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Education: Improper Spending and Poor Outputs
  Written By: Moneer Al-Omari, Hasan Al-Zaidi (YEMEN POST STAFF)
  Article Date:
November 24, 2008



Yemen in 1990 had only two universities: one in Sana'a and another in Aden. However, there was an expansion in higher education during the late 1990s, when more universities were established in Taiz, Hodeidah, Ibb, Hadramout and Dhamar.

New universities are also currently being established in Mareb and Amran provinces and President Saleh recently announced the establishment of Hajjah University. This brings to ten the number of governmental universities.

Dozens of high and post-secondary public institutes and community colleges as well as vocational and technical institutes were launched nationwide. Private sector was also allowed to open and run institutes teaching subjects like computer, English, and French, marketing, business, etc.

Further, the door was wide open before the private sector to open universities as dozens of private universities exist now across the country. Despite this expansion, experts reveal that graduates of both private and public universities are weak, especially when quantity matters more than quality.

Despite the fact that there has been a wide expansion as for the number of higher education facilities (including 25 private universities), their outputs do not meet the requirements of the domestic market.

The graduates are also incapable to compete in the labor markets of neighboring countries because they were taught in poor environments, lacking the practical application of what they study in books and handouts.

According to specialists, graduates lack the necessary skills of life and have limited ambitions and show no interest in studying or learning new things not linked to their fields of study. They also stress that there is no actual need for opening new universities in provinces and it was already enough to have seven universities, while the sums allocated for opening new universities should be allocated for improving and equipping the existing ones.

Likewise, they stress that there must be clear standards for accrediting private universities as is the case worldwide. These universities should not be allowed to work only under strict measures and after officials make sure they have the infrastructure that qualify them as universities. 

The recent statistics of Civil Service Ministry indicate that about 90,000 graduates have applied for jobs in the public sector. 

With high education institutions graduating over 150,000 a year, officials stress that the public sector cannot hold more than 5,000 a year and this number is to decrease during the few coming years.

In return, the private sector is weak and is incapable of containing the increased number of graduates who donít have the required skills that qualifies them to rival in labor markets of Gulf countries or elsewhere.

Recent studies stress the importance of revising the current situation of the education system where about 80,000 students are enrolled in education faculties, 19,000 enrolled in law and Shariah departments and 160,000 others enrolled in different fields of humanities.

Yemeni government has recently sought to meet the needs of the domestic labor market and it has inaugurated dozens of vocational and technical institutes; however, the number of these institutes are not sufficient.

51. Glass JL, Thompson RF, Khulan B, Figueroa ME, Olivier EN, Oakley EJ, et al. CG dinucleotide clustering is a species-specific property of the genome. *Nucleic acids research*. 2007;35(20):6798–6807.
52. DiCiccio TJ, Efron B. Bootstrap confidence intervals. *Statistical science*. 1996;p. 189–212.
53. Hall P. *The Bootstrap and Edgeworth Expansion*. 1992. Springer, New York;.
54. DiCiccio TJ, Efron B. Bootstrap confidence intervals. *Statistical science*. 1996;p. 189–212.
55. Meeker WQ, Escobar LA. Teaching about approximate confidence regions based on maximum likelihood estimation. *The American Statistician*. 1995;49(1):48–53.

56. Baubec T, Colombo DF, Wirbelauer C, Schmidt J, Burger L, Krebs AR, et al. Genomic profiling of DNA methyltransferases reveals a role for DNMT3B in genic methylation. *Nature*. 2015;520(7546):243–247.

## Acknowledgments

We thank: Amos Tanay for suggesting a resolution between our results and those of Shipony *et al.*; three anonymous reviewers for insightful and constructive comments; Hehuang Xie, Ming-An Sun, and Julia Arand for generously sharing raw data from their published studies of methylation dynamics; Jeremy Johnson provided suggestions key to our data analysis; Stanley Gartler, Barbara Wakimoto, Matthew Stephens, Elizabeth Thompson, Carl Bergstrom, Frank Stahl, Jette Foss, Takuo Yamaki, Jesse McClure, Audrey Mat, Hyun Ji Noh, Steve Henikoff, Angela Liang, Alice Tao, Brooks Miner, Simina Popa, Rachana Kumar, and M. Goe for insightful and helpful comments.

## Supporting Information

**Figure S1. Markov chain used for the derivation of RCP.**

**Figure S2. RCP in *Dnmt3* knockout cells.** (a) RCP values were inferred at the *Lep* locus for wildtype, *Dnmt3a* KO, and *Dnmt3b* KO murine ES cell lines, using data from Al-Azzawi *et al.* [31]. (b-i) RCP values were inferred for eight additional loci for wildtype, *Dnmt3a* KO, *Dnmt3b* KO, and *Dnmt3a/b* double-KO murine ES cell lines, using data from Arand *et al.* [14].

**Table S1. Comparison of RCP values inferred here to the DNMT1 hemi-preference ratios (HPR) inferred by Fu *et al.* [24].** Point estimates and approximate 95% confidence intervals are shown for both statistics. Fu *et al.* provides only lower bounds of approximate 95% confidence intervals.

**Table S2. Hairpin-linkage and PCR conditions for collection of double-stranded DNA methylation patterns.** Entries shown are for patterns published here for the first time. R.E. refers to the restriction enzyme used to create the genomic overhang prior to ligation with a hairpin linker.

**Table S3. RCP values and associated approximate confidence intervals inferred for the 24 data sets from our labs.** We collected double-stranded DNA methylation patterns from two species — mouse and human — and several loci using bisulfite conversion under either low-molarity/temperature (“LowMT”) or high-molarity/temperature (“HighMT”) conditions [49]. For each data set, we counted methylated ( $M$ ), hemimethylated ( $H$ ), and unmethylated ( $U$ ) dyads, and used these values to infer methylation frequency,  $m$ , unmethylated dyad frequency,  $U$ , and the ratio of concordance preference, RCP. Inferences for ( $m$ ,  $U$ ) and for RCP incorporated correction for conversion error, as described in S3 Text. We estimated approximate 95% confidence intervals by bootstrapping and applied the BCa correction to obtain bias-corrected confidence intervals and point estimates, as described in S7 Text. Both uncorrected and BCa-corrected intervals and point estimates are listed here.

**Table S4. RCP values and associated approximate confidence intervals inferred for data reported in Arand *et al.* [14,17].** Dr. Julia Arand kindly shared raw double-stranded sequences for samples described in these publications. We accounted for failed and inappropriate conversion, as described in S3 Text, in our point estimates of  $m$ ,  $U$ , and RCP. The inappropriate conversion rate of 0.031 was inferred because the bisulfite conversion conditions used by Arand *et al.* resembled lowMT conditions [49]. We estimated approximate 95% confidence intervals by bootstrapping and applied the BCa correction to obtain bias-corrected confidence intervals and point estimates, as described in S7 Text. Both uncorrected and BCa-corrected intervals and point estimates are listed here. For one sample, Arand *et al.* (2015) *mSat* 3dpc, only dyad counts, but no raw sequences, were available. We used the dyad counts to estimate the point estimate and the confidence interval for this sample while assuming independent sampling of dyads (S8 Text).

According to recent statistics, there are over 25,000 students enrolled in vocational and technical institutes nationwide, while there are over 235,000 students enrolled in public and private universities. 


Waste of money

This increased number of students enrolling universities is faced with bigger money waste as there is a noticeable rise in public education and training allocations. The public spending in this sector has mounted to YR 231 billion, with a growth rate of 17 percent. State spending on education takes up what is equal to 6 percent of the country's GDP and represents about 14 percent of state budget.

When state thinks that such increased spending on education could solve the problem, studies say the opposite. These studies indicate that this spending does not match up with the population growth and educational process development requirements.

A large portion of the spending is directed to face the increased demand on education resulting from the inflated increase of population, so this makes the increase of spending not sufficient and unhelpful.

Meanwhile, such spending suffers a lot of shortfalls as for distribution. The current and operational spending takes up 84 percent of education sector's total budget, against 16 percent for capital and investment spending, according to 2006 statistics.

Public education institutions are financed at 90 percent by state and studies expected the state finance of these institutions to reach YR 761 billion in 2035 when Yemen's population is expected to reach over 35 million.

The support provided by donor countries to education and training sectors in 2007 reached YR 7.2 billion and makes up 3 percent of this sector's total budget.


Education costs for student

Studies revealed that a student's current costs of education at Yemeni universities have been recently increasing at 20 percent. A single student's costs during 2006-2007 reached $524.

The total amount of money wasted in public universities reached YR 4.5 billion, mainly because of students' failure.



State wastes bigger sums of money on sending students abroad for study and there are over 39 government parties who grant scholarship for students. The total budget allocated for this budget reached YR 13 billion in 2007.

Granting scholarships is not subject to standards and the whole process is marked with shortfalls and corruption as mentioned in numerous reports by the Central Administration for Control and Auditing (COCA).